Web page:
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How Do I Become a Nuclear Physicist?

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  • Written By: Alan Rankin
  • Edited By: Melissa Wiley
  • Images By: Jeanette Dietl, n/a, Aneese
  • Last Modified Date: 24 November 2016
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A nuclear physicist is a scientist specializing in the production of energy from radioactive materials. Nuclear physicists can work in the production of nuclear energy or weapons, in nuclear medicine, or in other related fields. Some also work for the government agencies that oversee the safety and regulation of nuclear materials. A person who wishes to become a nuclear physicist needs a strong background in physics, mathematics, and computer science. Successful nuclear physicists have advanced academic degrees and have spent years studying their field.

To become a nuclear physicist, you should focus on scientific studies as early as possible. While a thorough knowledge of physics and nuclear engineering is of course essential, a background in other fields can also be an asset. Knowledge of computer programming, education, or business management, for example, can prepare you for employment in a field related to nuclear physics. Some of these jobs will only be stepping stones to a desired position. These ancillary skills can also be useful for jobs within the field, however, such as university teaching positions.

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An advanced degree, usually a Ph.D. in physics with a focus on nuclear engineering, is required to become a nuclear physicist. If you are still in high school, a guidance counselor may be able to help you choose a university with a strong science program. Even before you complete your bachelor’s degree, you may be able to find employment as a research assistant or in a private lab. These jobs will not only help you gain experience, but they can provide valuable contacts within the nuclear industry. These contacts can help you find employment once you have completed your education.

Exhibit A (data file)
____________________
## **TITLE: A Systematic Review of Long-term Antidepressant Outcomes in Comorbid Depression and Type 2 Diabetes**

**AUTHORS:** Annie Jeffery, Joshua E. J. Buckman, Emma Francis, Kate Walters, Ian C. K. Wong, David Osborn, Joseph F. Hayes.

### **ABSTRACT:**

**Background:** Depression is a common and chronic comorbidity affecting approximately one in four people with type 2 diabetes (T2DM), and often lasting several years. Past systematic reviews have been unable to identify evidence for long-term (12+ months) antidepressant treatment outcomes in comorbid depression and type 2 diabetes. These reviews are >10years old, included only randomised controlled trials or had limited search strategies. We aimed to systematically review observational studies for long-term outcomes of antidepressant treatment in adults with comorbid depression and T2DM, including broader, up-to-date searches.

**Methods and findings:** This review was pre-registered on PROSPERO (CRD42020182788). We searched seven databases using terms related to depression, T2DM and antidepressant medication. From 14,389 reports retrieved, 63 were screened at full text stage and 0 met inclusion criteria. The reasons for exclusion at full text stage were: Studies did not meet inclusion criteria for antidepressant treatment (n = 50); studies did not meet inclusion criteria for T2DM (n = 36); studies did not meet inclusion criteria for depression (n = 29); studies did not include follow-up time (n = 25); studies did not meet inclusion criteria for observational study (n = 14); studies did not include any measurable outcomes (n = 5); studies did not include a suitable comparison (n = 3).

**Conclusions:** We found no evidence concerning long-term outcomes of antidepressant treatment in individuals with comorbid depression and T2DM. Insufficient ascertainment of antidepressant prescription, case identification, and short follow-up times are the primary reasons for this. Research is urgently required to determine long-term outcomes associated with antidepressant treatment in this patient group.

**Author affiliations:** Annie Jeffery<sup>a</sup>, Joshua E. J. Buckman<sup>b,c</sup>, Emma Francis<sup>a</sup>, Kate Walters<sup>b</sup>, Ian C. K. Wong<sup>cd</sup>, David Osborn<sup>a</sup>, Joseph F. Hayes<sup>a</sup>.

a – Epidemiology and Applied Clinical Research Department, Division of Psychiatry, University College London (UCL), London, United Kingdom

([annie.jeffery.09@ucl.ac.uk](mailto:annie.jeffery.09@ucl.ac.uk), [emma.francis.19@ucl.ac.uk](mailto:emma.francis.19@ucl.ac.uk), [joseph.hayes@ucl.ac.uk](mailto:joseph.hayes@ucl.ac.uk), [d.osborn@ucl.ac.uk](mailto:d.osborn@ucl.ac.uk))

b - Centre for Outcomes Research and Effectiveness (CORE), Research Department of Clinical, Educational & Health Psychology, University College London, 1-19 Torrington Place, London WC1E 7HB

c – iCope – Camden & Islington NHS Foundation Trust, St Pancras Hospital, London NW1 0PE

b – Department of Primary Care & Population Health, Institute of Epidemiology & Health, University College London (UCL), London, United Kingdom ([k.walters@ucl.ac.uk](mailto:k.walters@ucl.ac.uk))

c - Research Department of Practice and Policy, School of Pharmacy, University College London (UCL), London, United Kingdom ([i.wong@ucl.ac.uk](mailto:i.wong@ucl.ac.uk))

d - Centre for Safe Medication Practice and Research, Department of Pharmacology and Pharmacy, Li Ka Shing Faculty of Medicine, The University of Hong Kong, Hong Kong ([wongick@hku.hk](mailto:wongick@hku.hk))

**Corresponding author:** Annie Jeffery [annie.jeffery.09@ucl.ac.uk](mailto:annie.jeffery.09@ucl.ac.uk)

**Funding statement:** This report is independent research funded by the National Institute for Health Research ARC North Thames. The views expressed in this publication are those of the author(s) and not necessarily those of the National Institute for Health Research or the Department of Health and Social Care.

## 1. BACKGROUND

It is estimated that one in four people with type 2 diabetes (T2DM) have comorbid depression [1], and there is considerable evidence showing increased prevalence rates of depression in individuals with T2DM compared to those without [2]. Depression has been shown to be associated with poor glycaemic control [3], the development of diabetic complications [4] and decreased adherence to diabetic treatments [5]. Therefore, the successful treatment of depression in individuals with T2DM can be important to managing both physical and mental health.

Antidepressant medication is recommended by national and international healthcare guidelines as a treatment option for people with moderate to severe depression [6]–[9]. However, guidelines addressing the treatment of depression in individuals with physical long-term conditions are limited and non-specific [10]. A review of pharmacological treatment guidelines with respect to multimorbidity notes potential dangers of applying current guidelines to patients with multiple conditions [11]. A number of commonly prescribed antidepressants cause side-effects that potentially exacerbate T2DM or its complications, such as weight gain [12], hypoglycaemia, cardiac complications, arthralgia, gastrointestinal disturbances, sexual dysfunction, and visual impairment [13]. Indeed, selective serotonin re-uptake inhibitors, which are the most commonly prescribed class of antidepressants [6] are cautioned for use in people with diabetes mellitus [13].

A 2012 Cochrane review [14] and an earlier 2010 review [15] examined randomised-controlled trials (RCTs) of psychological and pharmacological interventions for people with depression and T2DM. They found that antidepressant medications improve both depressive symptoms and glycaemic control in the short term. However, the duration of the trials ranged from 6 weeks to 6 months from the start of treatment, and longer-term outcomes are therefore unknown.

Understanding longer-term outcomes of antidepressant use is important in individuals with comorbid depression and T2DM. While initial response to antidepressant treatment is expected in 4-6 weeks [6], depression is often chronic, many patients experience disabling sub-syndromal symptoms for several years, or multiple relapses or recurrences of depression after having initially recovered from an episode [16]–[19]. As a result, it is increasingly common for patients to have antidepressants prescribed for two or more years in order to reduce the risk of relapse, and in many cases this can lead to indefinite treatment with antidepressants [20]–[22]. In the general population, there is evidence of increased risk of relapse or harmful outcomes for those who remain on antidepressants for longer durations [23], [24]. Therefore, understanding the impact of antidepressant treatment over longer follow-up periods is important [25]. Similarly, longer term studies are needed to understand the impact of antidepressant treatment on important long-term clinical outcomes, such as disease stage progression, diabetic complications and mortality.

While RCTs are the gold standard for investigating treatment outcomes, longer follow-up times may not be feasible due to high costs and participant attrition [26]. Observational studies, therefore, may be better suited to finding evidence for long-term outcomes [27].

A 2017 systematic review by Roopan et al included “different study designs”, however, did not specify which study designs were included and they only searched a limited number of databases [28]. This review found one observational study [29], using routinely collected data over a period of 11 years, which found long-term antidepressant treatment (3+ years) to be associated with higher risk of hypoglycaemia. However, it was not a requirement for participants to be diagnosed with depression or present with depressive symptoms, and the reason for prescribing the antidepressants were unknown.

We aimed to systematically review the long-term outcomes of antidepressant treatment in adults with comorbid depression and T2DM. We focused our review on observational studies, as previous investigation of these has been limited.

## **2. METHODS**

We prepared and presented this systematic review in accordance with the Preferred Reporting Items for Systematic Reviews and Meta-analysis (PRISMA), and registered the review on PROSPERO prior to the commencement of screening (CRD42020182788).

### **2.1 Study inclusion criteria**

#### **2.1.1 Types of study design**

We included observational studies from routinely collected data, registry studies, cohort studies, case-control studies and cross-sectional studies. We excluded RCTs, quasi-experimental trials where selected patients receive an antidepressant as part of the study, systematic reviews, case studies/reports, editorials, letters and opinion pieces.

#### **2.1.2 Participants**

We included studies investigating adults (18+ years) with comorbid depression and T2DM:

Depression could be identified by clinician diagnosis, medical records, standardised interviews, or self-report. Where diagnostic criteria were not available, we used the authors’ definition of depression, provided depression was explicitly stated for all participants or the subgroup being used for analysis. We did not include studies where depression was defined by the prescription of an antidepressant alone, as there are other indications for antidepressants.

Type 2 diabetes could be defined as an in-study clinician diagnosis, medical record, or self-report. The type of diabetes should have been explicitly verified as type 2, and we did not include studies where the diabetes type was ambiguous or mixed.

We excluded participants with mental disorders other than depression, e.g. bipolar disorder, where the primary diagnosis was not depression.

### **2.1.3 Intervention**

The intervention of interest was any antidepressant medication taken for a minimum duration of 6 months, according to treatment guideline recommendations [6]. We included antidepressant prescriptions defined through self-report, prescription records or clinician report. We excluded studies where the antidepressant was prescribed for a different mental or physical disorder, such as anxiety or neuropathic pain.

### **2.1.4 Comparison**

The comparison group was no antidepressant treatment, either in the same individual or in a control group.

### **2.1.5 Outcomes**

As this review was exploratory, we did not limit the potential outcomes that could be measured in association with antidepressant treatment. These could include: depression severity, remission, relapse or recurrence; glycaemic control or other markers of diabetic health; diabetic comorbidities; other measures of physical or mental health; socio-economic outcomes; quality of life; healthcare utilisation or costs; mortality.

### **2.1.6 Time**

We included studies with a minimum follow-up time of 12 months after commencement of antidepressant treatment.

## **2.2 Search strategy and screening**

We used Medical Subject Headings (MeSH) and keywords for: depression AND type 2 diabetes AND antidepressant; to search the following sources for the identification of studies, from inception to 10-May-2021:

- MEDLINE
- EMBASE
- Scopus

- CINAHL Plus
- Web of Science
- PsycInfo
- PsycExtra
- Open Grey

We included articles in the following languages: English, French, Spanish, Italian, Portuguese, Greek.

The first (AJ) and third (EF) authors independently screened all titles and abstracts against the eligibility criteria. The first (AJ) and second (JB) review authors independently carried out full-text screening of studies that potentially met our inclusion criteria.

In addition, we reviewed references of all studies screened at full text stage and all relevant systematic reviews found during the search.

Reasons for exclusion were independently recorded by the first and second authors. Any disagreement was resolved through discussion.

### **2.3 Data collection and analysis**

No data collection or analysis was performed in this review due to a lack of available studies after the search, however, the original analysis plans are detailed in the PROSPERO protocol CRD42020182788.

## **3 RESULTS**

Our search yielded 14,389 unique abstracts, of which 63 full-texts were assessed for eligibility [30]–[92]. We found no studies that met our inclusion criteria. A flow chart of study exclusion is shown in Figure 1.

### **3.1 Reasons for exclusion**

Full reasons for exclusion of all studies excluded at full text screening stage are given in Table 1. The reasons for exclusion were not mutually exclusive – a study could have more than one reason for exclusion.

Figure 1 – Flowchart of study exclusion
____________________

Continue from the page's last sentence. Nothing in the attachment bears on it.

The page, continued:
It is important to keep up with the latest advances in nuclear physics both during and after your university studies. As you advance to doctoral and post-doctoral courses, you will need to decide which specialized field to focus on if you have not done so already. If you wish to go into nuclear medicine, for example, you will also need to study medicine and physiology. You should also bear in mind that high security clearances are required to become a nuclear physicist in certain fields. Your behavior, even in early life, can determine your qualifications for these clearances, so you should examine these qualifications and plan accordingly.

Once you have finished your doctorate, you can add to your credentials with research papers in peer-reviewed scientific and academic journals. Many of those who become a nuclear physicist find positions in private industry, overseeing nuclear power plants or the assembly or disassembly of nuclear weapons. Other jobs are government positions, such as the security analysts who work for the U.S. Nuclear Regulatory Commission. Nuclear physics is a challenging field that attracts some of the brightest minds in science. To compete in this field, your credentials must include top grades and achievements, both inside and outside of the academic world.

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